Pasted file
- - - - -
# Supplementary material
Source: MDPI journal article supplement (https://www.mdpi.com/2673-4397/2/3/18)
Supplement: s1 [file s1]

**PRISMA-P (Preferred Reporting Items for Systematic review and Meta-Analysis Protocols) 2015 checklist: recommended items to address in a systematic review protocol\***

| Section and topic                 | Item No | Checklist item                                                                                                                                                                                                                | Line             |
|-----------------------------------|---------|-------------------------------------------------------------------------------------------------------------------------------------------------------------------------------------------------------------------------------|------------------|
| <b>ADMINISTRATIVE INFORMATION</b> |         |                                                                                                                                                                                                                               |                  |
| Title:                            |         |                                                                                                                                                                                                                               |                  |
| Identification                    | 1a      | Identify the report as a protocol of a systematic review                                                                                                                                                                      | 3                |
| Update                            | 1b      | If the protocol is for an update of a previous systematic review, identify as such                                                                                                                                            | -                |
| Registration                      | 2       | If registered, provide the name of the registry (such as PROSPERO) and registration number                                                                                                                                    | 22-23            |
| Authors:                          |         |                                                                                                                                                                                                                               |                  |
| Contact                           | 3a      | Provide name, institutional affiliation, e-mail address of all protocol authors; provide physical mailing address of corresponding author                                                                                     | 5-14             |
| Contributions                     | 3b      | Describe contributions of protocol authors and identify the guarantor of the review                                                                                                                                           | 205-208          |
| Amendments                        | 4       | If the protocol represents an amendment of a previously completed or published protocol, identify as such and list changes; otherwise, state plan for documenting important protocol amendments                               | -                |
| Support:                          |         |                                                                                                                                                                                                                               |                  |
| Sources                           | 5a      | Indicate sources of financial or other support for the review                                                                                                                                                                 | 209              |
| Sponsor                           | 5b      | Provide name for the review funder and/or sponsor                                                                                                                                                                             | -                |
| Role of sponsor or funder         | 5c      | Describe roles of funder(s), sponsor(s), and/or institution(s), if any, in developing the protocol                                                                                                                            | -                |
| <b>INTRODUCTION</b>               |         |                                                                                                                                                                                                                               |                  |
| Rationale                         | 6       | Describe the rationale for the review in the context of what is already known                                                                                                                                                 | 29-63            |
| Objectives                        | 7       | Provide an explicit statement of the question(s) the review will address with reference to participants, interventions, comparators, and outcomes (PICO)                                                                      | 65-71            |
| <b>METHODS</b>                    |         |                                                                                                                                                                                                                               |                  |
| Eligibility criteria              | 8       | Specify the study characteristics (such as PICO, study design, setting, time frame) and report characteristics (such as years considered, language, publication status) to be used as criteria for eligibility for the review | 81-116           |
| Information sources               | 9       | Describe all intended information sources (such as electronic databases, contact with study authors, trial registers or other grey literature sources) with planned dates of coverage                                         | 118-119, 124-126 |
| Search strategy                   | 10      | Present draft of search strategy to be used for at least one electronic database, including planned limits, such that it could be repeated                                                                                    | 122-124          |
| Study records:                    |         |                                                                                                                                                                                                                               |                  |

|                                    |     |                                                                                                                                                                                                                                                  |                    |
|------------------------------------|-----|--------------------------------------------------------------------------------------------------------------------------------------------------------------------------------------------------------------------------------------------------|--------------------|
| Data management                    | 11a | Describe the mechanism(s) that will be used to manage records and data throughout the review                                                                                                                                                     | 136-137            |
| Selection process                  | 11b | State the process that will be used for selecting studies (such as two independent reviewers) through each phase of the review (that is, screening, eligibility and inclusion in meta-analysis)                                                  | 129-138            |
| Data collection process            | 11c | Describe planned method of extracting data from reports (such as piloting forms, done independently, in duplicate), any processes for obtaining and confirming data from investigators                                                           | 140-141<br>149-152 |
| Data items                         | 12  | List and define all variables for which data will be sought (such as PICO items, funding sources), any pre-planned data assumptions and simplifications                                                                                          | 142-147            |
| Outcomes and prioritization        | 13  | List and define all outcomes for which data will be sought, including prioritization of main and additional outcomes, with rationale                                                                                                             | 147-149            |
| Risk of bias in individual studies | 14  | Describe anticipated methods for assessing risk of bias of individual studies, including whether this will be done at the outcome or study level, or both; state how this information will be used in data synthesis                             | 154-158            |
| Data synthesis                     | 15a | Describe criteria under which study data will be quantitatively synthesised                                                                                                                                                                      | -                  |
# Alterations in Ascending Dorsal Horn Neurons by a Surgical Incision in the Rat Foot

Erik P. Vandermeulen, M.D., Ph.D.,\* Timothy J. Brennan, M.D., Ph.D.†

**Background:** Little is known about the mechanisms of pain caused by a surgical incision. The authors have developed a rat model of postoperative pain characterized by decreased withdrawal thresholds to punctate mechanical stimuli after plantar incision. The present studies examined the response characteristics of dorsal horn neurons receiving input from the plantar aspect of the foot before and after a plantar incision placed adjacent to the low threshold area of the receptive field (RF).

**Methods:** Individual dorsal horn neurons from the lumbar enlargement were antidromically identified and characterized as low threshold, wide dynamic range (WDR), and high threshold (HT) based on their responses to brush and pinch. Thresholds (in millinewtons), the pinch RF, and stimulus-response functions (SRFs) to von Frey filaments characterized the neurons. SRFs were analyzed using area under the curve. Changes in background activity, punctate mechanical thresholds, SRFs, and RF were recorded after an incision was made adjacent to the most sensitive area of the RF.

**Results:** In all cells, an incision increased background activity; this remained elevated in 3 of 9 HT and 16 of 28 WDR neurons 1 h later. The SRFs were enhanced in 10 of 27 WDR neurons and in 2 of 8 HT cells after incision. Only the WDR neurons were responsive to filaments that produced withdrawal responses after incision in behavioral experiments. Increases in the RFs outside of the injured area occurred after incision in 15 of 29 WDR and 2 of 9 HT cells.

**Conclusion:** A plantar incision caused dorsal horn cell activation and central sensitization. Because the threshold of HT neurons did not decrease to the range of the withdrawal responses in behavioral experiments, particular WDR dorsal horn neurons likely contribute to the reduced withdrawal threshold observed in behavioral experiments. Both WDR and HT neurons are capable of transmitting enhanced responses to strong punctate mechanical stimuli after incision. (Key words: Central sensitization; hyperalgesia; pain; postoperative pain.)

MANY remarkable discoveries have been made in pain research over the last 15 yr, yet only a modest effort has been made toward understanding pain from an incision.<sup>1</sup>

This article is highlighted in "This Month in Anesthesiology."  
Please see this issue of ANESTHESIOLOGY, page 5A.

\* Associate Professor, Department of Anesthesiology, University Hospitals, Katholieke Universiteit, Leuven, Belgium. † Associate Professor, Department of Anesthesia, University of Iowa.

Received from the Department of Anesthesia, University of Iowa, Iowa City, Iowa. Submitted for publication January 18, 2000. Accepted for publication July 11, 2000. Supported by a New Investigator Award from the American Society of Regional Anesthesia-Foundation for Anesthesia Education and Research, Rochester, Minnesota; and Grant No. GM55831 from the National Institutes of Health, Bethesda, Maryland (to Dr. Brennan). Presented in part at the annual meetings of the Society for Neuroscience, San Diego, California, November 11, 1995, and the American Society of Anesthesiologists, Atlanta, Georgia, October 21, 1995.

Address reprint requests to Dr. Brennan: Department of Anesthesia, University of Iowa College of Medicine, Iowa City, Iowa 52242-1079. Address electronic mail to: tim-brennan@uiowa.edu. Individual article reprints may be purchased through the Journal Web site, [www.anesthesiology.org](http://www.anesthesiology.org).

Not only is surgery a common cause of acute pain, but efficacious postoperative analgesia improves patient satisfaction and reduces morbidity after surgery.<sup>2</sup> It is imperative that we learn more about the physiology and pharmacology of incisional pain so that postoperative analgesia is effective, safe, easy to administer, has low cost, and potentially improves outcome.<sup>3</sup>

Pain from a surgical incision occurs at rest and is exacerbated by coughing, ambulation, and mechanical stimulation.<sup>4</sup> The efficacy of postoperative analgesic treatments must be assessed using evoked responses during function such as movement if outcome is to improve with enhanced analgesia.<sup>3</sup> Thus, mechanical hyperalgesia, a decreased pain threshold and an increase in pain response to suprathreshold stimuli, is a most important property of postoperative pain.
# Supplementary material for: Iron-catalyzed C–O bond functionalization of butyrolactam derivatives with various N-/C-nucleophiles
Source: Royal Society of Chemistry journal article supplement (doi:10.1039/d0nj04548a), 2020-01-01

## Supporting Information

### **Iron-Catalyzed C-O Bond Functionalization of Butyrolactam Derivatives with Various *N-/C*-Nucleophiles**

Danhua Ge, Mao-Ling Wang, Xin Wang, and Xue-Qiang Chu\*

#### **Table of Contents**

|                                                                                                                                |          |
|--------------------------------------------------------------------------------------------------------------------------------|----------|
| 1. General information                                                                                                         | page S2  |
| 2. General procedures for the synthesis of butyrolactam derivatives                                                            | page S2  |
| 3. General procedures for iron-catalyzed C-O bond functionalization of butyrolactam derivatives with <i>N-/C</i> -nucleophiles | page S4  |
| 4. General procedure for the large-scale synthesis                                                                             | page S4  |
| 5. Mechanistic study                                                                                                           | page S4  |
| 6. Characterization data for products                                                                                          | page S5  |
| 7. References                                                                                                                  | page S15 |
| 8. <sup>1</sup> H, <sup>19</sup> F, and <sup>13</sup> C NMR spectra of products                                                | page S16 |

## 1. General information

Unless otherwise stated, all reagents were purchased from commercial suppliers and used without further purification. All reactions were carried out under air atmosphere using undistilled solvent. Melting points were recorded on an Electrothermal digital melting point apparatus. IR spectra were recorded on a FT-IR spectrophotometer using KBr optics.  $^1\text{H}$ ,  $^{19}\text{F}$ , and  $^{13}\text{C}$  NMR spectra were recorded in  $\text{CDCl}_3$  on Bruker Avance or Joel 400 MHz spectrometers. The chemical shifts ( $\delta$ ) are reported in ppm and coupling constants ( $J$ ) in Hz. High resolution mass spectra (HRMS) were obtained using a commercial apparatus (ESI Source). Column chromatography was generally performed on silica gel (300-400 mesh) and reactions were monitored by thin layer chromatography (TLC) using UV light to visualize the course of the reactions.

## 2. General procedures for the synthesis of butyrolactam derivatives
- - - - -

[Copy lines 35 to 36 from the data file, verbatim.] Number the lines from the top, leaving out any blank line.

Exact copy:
| Risk of bias in individual studies | 14  | Describe anticipated methods for assessing risk of bias of individual studies, including whether this will be done at the outcome or study level, or both; state how this information will be used in data synthesis                             | 154-158            |
| Data synthesis                     | 15a | Describe criteria under which study data will be quantitatively synthesised                                                                                                                                                                      | -                  |